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More Green From Beans – 5

By Emily Unglesbee
DTN Staff Reporter

When John Werries and his son Dean started using cover crops, their primary goal was to prevent soil erosion on their Illinois farm. Seven years later, they’ve discovered their cover crop of choice, cereal rye, which hates weeds as much as they do.

Illinois is home to some challenging herbicide-resistant weeds, including waterhemp populations that can survive six different herbicide modes of action. But, on the Werries’ farm, near Chapin, the chemicals get an assist. The Werries plant soybeans directly into thick stands of cereal rye and then terminate the growing cover crop.

“As all of the cover melts down — and it takes a long time — there is a mat that makes it tough for weeds to grow,” Werries explained. The suppression allowed them to cut back on their herbicide use in soybeans this year, and their fields stayed clean through the end of the season.

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Call the Market

By ShayLe Stewart
DTN Livestock Analyst

This may be a year simply characterized by the John Wayne quote, “All battles are fought by scared men who’d rather be someplace else.” Cattlemen wanting to be somewhere else? I think most would say, “You betcha,” as they hand you their worn-out muck boots, a list of calves to doctor, an operating note that has a lofty total underlined, circled and highlighted at the bottom of the page, and calves still left to sell for the year. Today’s cattlemen are a tough bunch of tenacious souls who all know that working an 8 a.m.-to-5 p.m. job would be much easier given that this year has presented challenges unlike ever before.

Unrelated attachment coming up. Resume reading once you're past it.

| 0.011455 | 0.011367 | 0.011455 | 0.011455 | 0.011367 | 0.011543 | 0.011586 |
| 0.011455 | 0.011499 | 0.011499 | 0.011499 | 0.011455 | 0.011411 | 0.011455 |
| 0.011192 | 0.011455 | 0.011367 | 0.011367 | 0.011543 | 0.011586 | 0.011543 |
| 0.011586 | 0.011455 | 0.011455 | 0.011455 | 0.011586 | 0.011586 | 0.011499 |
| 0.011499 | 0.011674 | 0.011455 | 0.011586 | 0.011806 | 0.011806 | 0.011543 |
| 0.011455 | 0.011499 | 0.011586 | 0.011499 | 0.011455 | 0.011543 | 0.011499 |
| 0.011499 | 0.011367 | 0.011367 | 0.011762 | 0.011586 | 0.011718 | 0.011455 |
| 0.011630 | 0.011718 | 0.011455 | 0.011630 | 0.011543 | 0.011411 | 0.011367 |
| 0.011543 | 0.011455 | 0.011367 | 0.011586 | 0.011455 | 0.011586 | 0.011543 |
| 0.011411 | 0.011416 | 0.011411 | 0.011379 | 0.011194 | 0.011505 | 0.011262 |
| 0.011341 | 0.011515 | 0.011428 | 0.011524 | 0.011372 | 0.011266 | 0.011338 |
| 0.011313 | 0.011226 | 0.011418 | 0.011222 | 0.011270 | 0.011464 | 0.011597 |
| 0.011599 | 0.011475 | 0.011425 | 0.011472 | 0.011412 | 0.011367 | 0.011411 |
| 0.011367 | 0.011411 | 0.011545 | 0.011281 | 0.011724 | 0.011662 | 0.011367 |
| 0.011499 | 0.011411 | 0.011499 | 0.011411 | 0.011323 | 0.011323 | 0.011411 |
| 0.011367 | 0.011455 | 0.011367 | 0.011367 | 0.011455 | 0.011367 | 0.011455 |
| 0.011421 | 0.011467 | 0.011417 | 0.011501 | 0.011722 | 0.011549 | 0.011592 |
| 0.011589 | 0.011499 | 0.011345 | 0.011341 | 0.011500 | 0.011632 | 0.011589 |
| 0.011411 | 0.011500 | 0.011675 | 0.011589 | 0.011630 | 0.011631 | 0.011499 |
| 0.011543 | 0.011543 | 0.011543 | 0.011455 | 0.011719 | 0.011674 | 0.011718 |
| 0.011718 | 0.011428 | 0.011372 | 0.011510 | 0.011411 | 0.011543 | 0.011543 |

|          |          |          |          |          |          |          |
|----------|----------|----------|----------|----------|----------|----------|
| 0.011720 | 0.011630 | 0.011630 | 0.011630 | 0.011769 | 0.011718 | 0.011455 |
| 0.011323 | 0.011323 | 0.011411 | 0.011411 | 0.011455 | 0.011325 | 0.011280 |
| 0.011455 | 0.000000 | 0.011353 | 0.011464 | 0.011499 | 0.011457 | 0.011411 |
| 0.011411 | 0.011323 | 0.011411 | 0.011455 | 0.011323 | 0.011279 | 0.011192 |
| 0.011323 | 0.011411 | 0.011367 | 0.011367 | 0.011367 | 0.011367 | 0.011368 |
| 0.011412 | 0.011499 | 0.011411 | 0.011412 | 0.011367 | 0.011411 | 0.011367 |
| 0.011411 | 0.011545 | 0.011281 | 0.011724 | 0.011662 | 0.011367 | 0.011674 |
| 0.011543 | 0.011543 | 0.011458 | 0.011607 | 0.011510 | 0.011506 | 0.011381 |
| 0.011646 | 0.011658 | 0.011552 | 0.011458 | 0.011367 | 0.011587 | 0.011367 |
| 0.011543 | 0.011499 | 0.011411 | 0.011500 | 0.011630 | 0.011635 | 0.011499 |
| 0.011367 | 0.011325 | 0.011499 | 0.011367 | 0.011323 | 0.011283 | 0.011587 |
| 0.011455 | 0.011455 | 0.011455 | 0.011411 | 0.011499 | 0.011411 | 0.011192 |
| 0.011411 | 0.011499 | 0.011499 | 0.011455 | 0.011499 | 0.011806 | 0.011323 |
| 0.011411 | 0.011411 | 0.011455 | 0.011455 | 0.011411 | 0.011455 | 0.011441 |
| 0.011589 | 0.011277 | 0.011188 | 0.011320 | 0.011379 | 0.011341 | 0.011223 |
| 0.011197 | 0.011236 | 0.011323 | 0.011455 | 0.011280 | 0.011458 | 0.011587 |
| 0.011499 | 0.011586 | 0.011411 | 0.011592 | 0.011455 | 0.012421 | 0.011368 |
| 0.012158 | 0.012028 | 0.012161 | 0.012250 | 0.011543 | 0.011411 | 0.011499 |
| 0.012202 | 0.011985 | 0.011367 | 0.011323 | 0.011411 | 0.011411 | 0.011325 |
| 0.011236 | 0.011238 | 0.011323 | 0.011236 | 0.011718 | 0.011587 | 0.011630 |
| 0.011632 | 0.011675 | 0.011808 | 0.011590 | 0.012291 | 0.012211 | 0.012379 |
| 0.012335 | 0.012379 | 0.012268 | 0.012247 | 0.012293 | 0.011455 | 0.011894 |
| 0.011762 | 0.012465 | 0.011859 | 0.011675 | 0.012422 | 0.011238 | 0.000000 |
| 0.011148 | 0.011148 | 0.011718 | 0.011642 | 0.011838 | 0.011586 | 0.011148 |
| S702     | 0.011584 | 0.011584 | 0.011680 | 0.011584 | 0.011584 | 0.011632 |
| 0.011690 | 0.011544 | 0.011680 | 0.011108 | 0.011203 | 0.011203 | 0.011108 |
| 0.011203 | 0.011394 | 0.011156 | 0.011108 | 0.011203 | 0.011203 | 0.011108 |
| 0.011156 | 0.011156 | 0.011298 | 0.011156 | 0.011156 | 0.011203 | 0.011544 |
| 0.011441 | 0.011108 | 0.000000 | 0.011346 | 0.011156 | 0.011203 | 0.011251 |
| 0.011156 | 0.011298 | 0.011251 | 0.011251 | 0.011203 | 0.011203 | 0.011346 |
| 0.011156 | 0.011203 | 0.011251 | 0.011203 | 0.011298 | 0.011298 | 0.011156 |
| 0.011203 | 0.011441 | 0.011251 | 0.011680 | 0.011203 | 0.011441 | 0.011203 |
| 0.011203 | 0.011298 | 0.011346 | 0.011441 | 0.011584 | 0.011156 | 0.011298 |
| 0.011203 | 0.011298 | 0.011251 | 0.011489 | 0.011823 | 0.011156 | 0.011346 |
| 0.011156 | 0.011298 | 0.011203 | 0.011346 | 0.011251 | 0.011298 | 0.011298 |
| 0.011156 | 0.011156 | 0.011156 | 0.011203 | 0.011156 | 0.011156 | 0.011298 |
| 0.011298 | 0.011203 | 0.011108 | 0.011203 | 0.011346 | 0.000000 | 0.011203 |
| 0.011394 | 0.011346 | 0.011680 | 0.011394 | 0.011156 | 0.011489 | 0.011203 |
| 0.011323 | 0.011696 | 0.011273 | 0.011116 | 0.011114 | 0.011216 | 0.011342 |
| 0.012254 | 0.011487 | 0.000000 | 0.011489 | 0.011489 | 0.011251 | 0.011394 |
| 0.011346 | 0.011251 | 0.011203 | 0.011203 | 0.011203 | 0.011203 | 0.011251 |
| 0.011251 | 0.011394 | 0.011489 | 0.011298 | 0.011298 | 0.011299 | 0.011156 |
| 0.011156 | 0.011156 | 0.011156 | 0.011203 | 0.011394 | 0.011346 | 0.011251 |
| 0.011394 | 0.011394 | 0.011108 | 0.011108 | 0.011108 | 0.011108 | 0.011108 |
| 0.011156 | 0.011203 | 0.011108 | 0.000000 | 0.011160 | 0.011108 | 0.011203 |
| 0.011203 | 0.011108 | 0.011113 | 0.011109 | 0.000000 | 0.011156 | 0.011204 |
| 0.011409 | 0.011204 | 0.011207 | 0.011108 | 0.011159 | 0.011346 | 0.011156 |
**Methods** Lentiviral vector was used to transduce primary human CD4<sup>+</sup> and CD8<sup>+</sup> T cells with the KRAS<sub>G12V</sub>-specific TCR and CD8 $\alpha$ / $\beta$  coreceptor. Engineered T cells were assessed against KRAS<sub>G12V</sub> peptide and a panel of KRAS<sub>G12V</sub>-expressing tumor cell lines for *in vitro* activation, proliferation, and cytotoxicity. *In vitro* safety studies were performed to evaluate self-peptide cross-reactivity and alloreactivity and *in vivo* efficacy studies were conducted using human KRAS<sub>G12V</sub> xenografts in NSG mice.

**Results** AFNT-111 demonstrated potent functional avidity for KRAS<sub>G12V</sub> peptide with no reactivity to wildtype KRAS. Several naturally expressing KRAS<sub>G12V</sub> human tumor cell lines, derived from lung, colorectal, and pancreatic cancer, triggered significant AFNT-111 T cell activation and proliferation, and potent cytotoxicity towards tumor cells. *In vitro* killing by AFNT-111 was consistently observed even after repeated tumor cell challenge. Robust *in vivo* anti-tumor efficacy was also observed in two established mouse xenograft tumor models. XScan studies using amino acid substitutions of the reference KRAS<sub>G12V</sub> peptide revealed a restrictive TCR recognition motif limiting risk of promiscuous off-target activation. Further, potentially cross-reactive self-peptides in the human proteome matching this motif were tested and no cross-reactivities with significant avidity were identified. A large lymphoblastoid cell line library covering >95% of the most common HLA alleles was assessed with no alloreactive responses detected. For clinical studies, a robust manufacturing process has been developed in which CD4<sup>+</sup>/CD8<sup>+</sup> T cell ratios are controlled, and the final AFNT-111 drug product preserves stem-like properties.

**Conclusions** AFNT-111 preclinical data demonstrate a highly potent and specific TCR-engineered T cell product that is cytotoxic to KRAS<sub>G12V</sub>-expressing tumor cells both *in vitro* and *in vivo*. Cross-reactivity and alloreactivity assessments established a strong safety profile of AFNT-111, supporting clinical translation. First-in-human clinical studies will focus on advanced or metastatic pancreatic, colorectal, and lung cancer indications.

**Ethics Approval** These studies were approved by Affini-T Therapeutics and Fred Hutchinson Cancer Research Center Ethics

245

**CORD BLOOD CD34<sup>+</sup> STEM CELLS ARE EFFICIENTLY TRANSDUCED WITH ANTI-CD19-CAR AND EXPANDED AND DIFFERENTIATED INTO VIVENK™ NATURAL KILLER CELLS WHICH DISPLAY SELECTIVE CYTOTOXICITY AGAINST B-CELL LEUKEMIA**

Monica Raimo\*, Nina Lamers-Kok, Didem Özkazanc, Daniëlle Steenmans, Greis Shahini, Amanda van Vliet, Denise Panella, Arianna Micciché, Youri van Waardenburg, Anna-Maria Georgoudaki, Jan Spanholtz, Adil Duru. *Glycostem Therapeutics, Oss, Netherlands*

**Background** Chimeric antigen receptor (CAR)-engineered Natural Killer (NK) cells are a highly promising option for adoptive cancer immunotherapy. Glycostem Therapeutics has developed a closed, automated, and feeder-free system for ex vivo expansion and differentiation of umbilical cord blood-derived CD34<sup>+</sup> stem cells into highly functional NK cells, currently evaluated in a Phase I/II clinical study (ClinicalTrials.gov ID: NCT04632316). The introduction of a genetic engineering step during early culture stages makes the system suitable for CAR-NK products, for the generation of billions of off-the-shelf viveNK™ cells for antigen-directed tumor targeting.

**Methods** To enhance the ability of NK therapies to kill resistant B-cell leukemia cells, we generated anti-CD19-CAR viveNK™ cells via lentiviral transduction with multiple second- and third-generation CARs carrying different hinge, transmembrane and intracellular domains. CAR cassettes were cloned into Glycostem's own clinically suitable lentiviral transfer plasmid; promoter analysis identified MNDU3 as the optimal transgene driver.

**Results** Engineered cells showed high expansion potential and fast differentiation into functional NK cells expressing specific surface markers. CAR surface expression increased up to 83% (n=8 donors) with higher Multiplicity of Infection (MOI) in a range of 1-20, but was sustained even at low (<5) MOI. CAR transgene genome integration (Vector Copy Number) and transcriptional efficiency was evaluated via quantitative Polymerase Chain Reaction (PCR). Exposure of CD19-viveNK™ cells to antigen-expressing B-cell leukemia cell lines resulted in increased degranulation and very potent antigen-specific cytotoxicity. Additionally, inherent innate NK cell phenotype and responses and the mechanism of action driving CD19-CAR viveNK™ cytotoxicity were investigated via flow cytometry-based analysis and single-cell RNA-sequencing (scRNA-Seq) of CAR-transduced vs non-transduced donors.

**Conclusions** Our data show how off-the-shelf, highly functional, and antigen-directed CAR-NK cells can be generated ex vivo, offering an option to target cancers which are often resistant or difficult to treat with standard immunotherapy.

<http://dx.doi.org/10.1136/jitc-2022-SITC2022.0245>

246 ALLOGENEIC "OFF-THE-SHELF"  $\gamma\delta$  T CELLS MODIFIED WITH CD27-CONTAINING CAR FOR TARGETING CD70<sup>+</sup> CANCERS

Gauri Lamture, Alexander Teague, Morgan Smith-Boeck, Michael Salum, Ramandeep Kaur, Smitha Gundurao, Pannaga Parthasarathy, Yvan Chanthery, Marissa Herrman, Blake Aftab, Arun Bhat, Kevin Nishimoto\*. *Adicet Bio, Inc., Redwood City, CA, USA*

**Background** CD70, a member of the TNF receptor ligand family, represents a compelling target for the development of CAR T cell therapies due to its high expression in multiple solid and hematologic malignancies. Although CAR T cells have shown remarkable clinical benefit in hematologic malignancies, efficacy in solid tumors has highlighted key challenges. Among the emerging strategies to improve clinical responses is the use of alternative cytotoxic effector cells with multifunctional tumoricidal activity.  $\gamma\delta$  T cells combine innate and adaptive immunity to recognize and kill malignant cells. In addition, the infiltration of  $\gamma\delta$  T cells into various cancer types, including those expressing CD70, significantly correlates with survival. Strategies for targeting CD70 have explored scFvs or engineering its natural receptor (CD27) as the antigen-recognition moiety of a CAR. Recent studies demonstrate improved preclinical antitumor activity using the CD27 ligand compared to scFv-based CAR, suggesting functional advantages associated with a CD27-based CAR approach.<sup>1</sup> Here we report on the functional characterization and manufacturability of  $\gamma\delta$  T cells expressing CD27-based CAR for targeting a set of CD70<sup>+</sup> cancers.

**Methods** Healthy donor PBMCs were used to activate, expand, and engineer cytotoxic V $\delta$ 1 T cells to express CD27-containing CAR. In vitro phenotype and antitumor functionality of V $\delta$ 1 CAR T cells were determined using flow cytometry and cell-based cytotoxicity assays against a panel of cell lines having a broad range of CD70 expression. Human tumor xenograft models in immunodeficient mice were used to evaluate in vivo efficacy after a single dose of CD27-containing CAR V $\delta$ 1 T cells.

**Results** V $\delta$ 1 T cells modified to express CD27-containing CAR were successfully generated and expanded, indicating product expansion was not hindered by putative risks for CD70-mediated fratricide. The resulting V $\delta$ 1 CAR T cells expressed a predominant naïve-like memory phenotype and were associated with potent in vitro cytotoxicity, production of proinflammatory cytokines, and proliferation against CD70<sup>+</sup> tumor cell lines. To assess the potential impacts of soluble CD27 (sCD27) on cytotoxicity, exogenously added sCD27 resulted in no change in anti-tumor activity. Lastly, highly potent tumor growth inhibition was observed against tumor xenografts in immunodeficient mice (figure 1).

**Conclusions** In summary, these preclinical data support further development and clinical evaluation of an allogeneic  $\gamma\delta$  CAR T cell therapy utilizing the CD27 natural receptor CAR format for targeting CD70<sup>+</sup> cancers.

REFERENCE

Fall calf prices in 2018 didn’t send any ranchers speeding home from the scales to kiss their wives and dance happily on the kitchen floor because they finally made it big. Instead, ranchers collected their calf checks, paid off their operating notes and prayed that 2019 would bring another skiff of 2014 luck.

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2020 House Election Forecast

By Jerry Hagstrom
DTN Political Correspondent

WASHINGTON (DTN) — One year from the 2020 general election, more than half of the Democrats on the House Agriculture Committee are facing less-than-“solid” chances of retaining their seats, but the Democrats appear on the path to retain their majority in the House, according to David Wasserman, the House analyst for The Cook Political Report.

Of the committee’s 25 Democratic members representing districts in the 50 states, 14 are facing races that the Cook Report ranks as less than “solid,” and nine of those races could favor the Republican, per the Cook Partisan Voter Index (PVI). The index measures how each district performs at the presidential level compared to the nation as a whole.

Stacey Plaskett, the Democratic delegate from the U.S. Virgin Islands, is also a member of the committee, but the Cook Political Report does not rank the delegates from the U.S. territories.

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The Wonder of Wheat

By Emily Unglesbee
DTN Staff Reporter

ROCKVILLE, Md. (DTN) — It was another record-setting year for the National Wheat Yield Contest, which announced its 2019 winners Tuesday. Three winners topped 200 bushels per acre (bpa), with Rick Pearson of Buhl, Idaho, gleaning top yield honors with a 211.59-bpa irrigated winter wheat entry.

Close behind him was Marc Arnusch of Keenesburg, Colorado, whose irrigated winter wheat field reached 210.52 bpa, and Phillip Gross, whose irrigated winter wheat field in Warden, Washington, hit 200.48 bpa.

DTN/Progressive Farmer is the official media outlet of the contest, which is sponsored by the National Wheat Foundation.

This year, the results of the annual competition cast a spotlight on the widely varying wheat-growing regions of the U.S.

First, there is Pearson, who, from the rich, river-fed soils of his southern Idaho farm, grew a field of densely packed, soft white winter wheat bursting with nearly 212 bushels per acre.

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Trade Aid Disparity Claims

By Chris Clayton
DTN Ag Policy Editor